Why then, would I take such an unpopular and unaccepted stance on this issue? First of all, I wish to resurrect a lost but vital element in theology. Secondly, I hope to give strength to those who have believed this truth to have courage that they are not alone, and even though the world condemns us, we should proclaim the truth in the interest of God's glory, and men's souls.




Though I love John Wesley and what he had to say, I like him want only what the Bible has to say on this subject. First, I will treat a few objections that are usually used to support a fruitless salvation, and then I will show where the scriptures say as they teach this doctrine.

What about the thief on the cross? Wasn't he saved without works? No!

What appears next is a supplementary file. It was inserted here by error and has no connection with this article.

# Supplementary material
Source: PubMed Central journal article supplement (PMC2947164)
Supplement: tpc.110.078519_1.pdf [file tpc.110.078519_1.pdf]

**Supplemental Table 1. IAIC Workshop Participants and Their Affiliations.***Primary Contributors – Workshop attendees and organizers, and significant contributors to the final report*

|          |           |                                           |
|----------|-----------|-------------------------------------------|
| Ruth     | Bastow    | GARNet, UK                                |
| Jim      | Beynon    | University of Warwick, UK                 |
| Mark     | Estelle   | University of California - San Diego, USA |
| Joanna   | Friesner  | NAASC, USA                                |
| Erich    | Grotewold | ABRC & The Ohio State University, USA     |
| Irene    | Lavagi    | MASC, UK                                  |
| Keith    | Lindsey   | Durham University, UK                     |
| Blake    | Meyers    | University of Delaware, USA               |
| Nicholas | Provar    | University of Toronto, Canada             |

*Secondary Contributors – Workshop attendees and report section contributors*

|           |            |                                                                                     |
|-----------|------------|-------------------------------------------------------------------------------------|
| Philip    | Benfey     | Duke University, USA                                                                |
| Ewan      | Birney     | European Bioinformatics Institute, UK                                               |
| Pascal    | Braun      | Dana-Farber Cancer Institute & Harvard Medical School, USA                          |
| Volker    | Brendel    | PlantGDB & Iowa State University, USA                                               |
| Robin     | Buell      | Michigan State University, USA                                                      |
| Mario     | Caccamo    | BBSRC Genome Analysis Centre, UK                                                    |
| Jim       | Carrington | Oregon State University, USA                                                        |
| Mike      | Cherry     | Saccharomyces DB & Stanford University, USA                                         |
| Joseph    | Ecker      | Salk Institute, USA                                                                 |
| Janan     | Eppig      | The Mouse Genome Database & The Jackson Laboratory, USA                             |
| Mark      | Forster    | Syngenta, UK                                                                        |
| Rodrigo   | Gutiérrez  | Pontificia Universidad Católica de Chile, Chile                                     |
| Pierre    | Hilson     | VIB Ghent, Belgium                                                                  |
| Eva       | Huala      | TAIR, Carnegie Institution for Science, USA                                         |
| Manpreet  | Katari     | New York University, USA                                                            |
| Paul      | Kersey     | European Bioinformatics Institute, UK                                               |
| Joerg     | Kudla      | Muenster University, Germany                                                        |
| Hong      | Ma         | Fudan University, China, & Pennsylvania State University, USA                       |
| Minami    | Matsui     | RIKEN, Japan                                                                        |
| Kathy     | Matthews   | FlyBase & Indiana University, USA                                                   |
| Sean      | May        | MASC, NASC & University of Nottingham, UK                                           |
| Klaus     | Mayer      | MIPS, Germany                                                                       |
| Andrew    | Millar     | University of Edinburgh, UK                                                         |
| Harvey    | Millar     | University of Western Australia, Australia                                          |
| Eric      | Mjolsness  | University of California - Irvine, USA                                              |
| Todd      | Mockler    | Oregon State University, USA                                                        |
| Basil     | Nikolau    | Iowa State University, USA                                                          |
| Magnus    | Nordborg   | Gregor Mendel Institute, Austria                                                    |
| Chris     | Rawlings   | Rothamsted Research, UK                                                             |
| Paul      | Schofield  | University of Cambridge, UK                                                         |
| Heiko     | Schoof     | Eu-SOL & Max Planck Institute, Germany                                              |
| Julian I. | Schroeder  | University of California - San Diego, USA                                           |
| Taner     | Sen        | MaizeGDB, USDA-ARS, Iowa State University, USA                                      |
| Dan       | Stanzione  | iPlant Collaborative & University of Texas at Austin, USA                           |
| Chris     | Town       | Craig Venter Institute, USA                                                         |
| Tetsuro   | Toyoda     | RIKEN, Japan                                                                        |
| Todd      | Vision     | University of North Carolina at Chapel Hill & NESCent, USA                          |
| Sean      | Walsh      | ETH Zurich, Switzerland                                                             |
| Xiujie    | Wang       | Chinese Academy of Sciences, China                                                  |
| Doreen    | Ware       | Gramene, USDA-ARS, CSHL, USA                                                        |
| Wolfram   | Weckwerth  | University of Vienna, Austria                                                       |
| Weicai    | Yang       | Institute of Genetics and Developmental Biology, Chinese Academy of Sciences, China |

The converted thief on the cross was not saved without works. How is this so? James writes that "Faith without works is dead, " so what work did the thief on the cross do that would prove that his faith was not dead? John Fletcher responded to this by saying "How will the converted thief, that did no good works, be justified by works?"

ANSWER. (1). We mean by WORKS " the whole of our inward tempers and outward behavior;" and how do you know the outward behavior of the converted thief? Did his reproofs, exhortations, prayers, patience, and resignation, evidence the liveliness of his faith, as their was time and opportunity? (2). Can you suppose his inward temper was not love to God and man? Could he go to paradise without being born again? Or could he born again and not love? Is it not said, "he that loveth is born of God;" consequently, he that is born of God loveth? Again: do not he who "loveth, fulfill all the law," and do, as says Augustine, all good works in one? And is not "the fulfilling of the law of Christ" work enough to justify the converted thief by that law? ( WORKS 1:85)